Page 5, 10th November 1989

10th November 1989
Page 5
Page 5, 10th November 1989 — Ethiopia's war of waste
Close

Report an error

Noticed an error on this page?
If you've noticed an error in this article please click here to report it.

Tags

Locations: Addis Ababa, London

Share


Related articles

Cardinal Launches Ethiopia Appeal

Page 1 from 8th December 1989

Locusts Threaten Ethiopia's Progress

Page 3 from 14th August 1987

Waking Up To The Horror Of Famine

Page 5 from 2nd November 1984

Struggles Along The Road To Disaster

Page 2 from 30th May 1980

Famine Returns To Stalk Africa

Page 3 from 28th December 1990

Ethiopia's war of waste

Drought and fighting have brought a new threat to the north of Ethiopia. Joanna Moorhead reports on the situation in Tigra3, province FAMINE is again stalking Ethiopia. For the third time in five years, the rains have failed in the north of the country and people who planted in hope just a few months ago have seen their crop cruelly blighted. Now there is nothing, or precious little, to harvest.

The drought situation is as bad as it was in 1984, when many thousands starved to death in feeding camps which had no food left to give. Their final agonies were captured for the world by TV crews which arrived too late to save any lives, but in time to film the full horror of mass famine: the result was a massive aid operation mounted throughout the west, and billions of voices united in the resolve that such suffering should never be allowed to happen again.

But 1990, say the experts, could see the scenes repeated. Widespread food shortages are predicted though there is still time to get grain supplies into the country before hunger begins to gnaw early in the new year. • On the part of the west, there is no lack of readiness to respond with massive pledges of food. In 1987 a second major drought posed a similar threat to that of 1984, but it was averted by a near-model response from the west, with shiploads and airlifts of food sent in as soon as the harvest shortfall became clear.

The problem is that to avert the famine in 1990 there can be no airlifts, and any shiploads sent to Ethiopia's ports cannot be successfully sent on to Tigray, the northern province which is worst affected by the current drought . The reason is war, a war which has raged now for over 10 years between the Ethiopian government and the Tigrayan Peoples Liberation Front (TP1,12), a rebel force seeking greater self-determination for a region it claims has been denied proper investment and development from the Addis Ababa administration,

The war is not a new factor in the Ethiopian situation, but it has become a more significant one since the last aid operation of 1987. Over the last 18 months, the rebels have won many bloody battles, have now surrounded Dessie, a town just 200 miles from Addis Ababa.

But the government still controls Ethiopia's ports and, more importantly, the essential routes into the rebel-held territory in the north that is bearing the brunt of the crop shortage. Without safe passage and at the moment, there is no safe passage to be had through Ethiopia to the north many thousands, perhaps more than in 1984-85, will die.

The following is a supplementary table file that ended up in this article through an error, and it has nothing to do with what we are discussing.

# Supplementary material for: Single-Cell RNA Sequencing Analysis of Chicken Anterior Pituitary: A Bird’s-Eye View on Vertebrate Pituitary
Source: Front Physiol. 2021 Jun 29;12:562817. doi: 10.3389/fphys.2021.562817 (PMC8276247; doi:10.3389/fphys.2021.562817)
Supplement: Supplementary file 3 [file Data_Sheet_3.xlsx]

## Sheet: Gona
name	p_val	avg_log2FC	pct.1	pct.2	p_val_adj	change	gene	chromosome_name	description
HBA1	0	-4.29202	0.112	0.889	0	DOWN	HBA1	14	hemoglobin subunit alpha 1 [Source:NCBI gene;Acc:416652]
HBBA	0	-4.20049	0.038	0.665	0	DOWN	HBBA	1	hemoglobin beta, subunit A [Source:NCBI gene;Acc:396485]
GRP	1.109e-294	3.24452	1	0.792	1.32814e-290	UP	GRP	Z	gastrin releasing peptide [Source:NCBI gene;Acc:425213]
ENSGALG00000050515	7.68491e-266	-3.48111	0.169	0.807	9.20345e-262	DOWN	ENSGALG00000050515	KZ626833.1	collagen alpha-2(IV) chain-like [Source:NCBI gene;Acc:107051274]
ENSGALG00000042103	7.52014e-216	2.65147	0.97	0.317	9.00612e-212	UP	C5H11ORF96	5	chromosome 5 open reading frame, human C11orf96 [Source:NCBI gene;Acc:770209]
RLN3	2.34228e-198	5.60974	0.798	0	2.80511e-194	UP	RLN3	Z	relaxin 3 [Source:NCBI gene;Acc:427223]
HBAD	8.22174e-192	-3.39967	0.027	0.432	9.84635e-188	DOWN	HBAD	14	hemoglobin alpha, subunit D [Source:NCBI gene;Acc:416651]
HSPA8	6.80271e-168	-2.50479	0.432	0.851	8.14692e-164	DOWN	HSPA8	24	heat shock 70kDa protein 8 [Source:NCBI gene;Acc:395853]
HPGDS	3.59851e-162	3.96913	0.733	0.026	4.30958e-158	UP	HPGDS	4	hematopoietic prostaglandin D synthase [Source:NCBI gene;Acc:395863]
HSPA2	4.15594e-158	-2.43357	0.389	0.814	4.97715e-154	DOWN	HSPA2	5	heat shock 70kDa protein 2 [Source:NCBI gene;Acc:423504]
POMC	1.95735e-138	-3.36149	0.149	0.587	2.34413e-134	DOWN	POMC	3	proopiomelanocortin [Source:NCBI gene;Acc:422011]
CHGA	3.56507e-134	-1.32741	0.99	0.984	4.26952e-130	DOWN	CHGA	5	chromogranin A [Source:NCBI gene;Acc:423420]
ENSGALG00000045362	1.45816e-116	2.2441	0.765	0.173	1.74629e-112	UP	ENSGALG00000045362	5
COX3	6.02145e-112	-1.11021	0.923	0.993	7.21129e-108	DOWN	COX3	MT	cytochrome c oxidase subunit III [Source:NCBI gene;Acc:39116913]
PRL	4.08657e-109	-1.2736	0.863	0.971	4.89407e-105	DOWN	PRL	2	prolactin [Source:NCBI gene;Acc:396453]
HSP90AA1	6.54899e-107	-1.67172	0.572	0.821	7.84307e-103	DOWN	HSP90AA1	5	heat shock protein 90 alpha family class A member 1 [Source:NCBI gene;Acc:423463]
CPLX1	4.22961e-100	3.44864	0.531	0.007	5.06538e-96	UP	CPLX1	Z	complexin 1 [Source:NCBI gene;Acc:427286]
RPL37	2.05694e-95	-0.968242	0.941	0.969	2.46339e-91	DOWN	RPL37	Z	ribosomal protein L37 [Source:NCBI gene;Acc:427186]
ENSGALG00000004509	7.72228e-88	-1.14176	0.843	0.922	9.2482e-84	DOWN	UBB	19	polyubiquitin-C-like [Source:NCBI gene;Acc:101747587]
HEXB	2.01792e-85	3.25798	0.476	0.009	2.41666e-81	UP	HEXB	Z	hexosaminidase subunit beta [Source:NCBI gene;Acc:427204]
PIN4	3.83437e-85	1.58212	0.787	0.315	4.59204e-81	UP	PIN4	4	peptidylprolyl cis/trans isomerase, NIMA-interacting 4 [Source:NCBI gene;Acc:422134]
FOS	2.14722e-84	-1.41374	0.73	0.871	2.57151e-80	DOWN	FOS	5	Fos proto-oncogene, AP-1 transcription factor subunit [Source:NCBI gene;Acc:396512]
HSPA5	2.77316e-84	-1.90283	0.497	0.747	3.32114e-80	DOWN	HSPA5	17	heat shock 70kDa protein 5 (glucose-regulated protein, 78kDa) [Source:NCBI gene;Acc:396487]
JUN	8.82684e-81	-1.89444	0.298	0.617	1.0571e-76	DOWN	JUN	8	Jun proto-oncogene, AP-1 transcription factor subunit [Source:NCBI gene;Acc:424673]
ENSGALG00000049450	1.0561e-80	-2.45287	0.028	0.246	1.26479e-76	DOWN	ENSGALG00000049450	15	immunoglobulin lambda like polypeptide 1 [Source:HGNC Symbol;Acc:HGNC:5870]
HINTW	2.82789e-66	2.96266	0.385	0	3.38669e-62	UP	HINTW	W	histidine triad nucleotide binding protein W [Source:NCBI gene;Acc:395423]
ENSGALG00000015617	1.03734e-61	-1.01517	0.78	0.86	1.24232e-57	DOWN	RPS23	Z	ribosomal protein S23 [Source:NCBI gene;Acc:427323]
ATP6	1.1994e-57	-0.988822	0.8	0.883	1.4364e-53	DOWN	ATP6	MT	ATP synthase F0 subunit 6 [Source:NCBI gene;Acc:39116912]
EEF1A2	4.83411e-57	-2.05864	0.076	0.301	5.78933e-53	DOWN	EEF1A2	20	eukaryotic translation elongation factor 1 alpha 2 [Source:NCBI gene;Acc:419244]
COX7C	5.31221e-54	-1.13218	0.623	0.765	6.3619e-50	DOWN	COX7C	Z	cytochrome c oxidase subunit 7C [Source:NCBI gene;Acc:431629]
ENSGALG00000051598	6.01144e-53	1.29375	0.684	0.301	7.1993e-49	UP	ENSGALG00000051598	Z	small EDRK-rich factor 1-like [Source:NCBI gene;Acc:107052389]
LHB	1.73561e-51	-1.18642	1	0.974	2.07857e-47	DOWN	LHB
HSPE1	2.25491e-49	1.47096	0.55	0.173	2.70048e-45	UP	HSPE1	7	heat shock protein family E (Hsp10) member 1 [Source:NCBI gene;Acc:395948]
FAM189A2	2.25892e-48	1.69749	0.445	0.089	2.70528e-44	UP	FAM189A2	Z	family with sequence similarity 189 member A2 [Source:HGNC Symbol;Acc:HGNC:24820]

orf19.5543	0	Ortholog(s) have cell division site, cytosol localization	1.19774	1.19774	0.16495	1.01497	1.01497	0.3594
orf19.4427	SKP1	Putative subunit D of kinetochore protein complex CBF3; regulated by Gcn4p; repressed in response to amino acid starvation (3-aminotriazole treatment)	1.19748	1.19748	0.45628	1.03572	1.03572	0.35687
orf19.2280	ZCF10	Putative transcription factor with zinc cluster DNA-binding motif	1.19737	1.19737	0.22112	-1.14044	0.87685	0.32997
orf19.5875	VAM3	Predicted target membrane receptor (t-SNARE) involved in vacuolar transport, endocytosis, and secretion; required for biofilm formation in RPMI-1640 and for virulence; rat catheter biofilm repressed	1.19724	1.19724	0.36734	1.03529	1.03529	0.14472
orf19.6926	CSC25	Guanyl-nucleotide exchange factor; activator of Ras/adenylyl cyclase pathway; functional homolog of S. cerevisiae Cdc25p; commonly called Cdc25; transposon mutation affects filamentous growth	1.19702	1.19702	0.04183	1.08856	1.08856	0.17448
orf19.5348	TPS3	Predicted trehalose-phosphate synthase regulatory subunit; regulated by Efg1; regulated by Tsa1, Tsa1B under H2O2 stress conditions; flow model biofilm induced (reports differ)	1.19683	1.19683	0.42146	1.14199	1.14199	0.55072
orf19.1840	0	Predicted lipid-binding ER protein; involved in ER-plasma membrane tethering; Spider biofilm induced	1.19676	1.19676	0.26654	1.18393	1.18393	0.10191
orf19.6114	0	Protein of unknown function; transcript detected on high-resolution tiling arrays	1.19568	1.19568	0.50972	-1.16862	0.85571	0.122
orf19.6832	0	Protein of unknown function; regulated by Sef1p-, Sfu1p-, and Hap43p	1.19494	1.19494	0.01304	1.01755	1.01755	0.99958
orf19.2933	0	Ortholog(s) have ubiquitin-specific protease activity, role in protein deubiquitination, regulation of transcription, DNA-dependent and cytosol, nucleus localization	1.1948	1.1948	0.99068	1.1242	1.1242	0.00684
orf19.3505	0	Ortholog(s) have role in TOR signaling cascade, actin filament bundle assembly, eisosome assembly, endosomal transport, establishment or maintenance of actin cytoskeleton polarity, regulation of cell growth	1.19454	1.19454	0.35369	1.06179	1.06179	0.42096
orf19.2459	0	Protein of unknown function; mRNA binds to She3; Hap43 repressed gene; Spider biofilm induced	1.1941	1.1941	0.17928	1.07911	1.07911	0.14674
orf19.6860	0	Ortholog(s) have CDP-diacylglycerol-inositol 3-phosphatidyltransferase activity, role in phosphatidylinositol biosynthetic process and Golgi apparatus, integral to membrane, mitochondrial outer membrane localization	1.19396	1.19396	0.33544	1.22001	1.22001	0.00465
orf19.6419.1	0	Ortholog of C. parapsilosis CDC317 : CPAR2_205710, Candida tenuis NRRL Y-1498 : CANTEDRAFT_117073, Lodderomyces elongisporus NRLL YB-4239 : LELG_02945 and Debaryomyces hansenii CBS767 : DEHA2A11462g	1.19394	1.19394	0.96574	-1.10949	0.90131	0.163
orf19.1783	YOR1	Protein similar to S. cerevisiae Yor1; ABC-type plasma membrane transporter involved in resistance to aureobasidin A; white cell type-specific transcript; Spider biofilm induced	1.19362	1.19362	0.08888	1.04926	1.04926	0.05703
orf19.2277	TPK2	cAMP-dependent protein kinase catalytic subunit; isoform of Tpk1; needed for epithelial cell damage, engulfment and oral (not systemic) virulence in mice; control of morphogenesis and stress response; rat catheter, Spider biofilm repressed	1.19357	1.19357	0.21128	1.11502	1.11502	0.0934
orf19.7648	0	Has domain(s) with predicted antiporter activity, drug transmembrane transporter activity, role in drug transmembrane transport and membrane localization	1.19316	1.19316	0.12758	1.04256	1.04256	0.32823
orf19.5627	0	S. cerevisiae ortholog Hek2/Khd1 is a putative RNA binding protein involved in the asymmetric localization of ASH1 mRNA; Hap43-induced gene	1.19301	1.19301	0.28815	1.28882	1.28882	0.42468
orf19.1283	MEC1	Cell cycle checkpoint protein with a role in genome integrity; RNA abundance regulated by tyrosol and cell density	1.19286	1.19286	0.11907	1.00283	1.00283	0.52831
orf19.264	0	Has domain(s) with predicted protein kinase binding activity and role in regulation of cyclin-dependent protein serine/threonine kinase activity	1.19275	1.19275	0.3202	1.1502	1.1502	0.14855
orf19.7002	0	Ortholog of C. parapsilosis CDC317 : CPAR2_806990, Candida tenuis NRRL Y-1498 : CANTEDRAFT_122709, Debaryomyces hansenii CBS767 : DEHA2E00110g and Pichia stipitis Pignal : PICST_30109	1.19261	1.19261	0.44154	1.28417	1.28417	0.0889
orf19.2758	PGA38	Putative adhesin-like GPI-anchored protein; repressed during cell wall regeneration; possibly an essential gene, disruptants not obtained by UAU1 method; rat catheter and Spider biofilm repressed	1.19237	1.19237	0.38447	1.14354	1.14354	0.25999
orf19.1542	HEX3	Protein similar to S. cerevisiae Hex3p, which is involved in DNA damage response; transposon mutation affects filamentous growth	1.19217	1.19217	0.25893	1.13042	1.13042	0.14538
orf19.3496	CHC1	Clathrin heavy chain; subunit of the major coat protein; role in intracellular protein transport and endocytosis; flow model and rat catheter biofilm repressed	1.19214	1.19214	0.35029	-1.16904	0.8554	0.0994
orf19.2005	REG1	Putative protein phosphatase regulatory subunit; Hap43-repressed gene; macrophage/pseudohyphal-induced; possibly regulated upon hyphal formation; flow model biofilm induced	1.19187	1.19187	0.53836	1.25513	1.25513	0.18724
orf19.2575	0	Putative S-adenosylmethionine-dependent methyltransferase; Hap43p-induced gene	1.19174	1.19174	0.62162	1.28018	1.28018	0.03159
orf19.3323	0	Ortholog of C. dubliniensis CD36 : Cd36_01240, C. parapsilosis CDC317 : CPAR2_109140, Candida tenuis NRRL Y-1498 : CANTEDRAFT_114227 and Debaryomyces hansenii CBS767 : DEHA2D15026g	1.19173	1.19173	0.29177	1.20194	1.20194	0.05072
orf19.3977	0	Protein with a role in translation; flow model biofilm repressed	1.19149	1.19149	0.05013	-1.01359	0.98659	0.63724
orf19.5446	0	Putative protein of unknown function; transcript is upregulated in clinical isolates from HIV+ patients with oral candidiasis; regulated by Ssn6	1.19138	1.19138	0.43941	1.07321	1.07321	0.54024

What is more, the Ethiopian government controls all its country's airspace, and so far no assurance has been given that planes carrying food would be allowed to fly safely into the rebel-held areas. Without that assurance, no western government will undertake any kind of mercy airlifts.

There has been talk for some weeks now that another famine might be On the cards for northern Ethiopia, but it was only with the return from the area last week of Richard Miller, a London-based projects officer with the Catholic Fund for Overseas Develo'pment (CAFOD) that the west heard independent confirmation of how had the situation looks.

On the arduous journey he saw

plenty of evidence of battles fought in the region. "There were many burnt-nut trucks, antiaircraft guns and tanks along our route, the legacy of the war. It brought home the real waste of the lighting

h w ghttinge going aritthe'i

re.

h w

A g ray intensified during last year and earlier this year, many western aid agencies withdrew their staff because of the threat to their safety. This meant the closure of many hospitals and schools the only ones open nOW, says Richard Miller, are those run by the Catholic Church.

"Many sisters and priests, including ones from Britain and Ireland, refused to leave despite the war. One nun told me she could not leave her people, whatever happened her place was with them," he says.

1 he work of her arid others like her is crucial, In the town of ldaga Harms, three Irish Little Sisters of the Assumption run the only clinic for 180,000 people, and further south in Alemara group of Mother Teresa' Missionaries of Charity run a hospital which regularly has more than 400 in-patients. The nuns, and those they were caring for, narrowly escaped death a few weeks ago when a major battle was fought on land right beside their convent,

"CAFOD has this week called On the United Nations and western gO‘ernments to put pressure kin. :he Fthiop,ian government to grant this safe passage. We're telling them it's not a matter of Whether the Ethiopian leaders agree to this, it's just got to happen. Otherwise next year is going to sec the needless deaths of many, many thousands in the same appalling conditions we all remember only too well from 1984."

And according to Richard Miller. the Church's role could be absolutely central in helping prevent mass starvation in the months ahead. The Ethiopian government, he says, must guarnatee safe access to Tigray from its ports convoys travelling from Sudan, though hey will continue, will be unable to reach all the people.




blog comments powered by Disqus